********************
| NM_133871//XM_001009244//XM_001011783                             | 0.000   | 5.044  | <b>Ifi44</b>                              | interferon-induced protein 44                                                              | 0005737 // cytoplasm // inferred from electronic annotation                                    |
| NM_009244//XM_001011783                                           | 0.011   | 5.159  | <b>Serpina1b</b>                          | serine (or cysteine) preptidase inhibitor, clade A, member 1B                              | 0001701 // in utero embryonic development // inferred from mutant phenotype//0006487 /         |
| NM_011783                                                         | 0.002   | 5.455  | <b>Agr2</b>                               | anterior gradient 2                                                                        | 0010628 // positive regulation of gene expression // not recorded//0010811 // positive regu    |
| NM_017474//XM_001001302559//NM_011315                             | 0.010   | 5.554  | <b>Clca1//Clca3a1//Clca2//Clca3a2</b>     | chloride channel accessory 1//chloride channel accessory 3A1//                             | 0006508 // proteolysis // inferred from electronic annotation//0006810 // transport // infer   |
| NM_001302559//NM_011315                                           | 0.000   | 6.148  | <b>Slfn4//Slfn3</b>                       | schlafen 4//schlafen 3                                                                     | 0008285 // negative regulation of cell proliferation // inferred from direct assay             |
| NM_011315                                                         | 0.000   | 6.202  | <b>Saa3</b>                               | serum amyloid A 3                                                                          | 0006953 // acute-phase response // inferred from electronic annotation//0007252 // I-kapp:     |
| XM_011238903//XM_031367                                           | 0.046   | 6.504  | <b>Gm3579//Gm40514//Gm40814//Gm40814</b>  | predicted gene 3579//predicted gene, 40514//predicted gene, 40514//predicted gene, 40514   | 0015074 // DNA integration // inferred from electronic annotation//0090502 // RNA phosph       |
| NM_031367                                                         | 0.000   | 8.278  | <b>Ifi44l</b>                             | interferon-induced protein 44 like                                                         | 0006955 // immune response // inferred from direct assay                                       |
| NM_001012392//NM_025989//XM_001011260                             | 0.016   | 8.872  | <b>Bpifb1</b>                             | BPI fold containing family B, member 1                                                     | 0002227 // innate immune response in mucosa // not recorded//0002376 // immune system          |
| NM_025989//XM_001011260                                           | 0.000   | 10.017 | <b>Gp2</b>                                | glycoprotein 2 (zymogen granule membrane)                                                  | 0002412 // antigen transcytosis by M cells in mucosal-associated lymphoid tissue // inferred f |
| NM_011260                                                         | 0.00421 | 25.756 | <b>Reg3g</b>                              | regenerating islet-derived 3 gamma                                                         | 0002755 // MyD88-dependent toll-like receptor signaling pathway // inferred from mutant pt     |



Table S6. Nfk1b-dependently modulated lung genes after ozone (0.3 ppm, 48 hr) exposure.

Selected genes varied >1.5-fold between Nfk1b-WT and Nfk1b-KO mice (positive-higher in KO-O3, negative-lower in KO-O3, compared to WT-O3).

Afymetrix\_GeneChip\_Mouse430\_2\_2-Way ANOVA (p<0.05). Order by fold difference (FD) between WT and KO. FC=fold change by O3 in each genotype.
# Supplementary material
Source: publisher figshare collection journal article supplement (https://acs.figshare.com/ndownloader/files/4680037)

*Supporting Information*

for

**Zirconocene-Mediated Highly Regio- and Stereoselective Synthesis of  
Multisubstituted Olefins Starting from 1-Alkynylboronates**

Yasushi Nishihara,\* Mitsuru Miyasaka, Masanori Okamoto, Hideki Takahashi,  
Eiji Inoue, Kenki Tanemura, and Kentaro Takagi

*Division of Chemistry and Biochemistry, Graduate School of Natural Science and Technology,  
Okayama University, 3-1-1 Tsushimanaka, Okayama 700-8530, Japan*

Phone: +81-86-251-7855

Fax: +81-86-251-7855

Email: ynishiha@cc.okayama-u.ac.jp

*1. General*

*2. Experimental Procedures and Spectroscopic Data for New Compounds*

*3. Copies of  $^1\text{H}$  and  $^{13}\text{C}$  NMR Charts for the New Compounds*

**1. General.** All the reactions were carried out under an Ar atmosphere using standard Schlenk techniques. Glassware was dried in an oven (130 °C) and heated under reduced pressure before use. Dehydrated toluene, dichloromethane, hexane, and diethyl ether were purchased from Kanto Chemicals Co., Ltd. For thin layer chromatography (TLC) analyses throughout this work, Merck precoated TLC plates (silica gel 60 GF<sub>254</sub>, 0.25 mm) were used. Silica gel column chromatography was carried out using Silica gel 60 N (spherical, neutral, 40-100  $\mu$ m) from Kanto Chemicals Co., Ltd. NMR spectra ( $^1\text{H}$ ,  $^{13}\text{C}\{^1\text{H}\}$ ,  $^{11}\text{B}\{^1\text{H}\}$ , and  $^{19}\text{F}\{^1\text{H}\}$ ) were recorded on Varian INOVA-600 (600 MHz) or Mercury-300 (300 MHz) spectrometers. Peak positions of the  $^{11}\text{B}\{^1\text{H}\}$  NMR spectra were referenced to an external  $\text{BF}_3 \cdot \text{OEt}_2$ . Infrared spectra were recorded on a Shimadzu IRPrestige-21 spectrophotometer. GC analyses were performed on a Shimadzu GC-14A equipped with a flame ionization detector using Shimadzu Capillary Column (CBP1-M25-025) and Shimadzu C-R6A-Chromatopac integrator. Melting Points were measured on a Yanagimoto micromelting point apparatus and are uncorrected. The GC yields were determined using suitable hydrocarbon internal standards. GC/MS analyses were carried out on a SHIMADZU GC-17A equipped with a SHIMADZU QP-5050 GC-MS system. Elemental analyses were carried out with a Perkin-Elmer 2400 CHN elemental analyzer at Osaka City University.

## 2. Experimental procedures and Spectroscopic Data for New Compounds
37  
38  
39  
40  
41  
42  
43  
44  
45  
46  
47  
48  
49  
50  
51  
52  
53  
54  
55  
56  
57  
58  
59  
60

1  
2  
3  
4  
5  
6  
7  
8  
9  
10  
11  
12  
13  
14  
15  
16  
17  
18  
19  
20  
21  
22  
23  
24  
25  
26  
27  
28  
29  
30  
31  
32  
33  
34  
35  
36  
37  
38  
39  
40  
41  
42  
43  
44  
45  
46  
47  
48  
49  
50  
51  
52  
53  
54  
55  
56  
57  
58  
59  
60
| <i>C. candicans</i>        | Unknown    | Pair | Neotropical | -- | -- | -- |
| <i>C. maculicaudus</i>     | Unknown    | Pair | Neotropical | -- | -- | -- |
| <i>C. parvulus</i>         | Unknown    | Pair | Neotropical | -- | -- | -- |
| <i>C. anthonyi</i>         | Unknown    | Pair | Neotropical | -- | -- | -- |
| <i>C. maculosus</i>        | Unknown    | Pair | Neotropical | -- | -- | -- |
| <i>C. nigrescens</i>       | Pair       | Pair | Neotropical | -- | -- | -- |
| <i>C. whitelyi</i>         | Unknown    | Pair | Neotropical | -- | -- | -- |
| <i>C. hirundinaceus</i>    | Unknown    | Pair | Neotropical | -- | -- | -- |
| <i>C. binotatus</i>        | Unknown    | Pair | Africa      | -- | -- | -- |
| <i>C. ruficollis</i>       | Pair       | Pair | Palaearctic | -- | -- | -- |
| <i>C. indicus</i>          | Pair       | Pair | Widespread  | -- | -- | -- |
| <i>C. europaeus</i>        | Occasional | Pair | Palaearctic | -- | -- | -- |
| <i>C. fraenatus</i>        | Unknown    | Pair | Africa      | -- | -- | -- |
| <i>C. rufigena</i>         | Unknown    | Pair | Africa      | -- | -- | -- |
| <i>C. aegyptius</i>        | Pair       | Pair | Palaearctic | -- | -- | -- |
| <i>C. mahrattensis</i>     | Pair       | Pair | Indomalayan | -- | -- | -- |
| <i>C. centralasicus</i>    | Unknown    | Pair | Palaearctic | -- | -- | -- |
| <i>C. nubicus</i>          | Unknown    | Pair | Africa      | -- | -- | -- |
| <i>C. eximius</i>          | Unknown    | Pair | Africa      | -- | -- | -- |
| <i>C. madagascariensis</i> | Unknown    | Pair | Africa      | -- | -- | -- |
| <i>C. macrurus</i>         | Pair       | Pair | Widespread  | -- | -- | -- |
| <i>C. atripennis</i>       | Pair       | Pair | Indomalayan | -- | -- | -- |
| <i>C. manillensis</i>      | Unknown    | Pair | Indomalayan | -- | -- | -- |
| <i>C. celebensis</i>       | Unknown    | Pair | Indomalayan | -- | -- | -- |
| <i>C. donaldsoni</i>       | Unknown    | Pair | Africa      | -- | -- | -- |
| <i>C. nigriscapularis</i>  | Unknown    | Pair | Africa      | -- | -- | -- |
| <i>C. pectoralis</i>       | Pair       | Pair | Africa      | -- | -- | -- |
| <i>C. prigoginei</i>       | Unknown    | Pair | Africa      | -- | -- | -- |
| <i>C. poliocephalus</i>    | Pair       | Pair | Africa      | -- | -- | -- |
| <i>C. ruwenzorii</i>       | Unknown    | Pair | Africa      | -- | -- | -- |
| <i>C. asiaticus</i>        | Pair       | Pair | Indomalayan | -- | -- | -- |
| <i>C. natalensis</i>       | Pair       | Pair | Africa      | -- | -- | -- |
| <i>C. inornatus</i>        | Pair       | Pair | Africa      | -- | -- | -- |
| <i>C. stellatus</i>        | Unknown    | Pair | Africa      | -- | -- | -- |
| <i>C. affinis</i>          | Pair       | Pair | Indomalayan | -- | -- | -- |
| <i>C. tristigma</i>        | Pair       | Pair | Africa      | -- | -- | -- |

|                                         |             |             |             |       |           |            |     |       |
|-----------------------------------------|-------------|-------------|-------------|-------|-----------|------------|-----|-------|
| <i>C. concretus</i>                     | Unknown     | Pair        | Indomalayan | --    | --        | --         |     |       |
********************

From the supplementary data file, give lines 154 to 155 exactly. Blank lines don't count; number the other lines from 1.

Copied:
|-----------------------------------------|-------------|-------------|-------------|-------|-----------|------------|-----|-------|
| <i>C. concretus</i>                     | Unknown     | Pair        | Indomalayan | --    | --        | --         |     |       |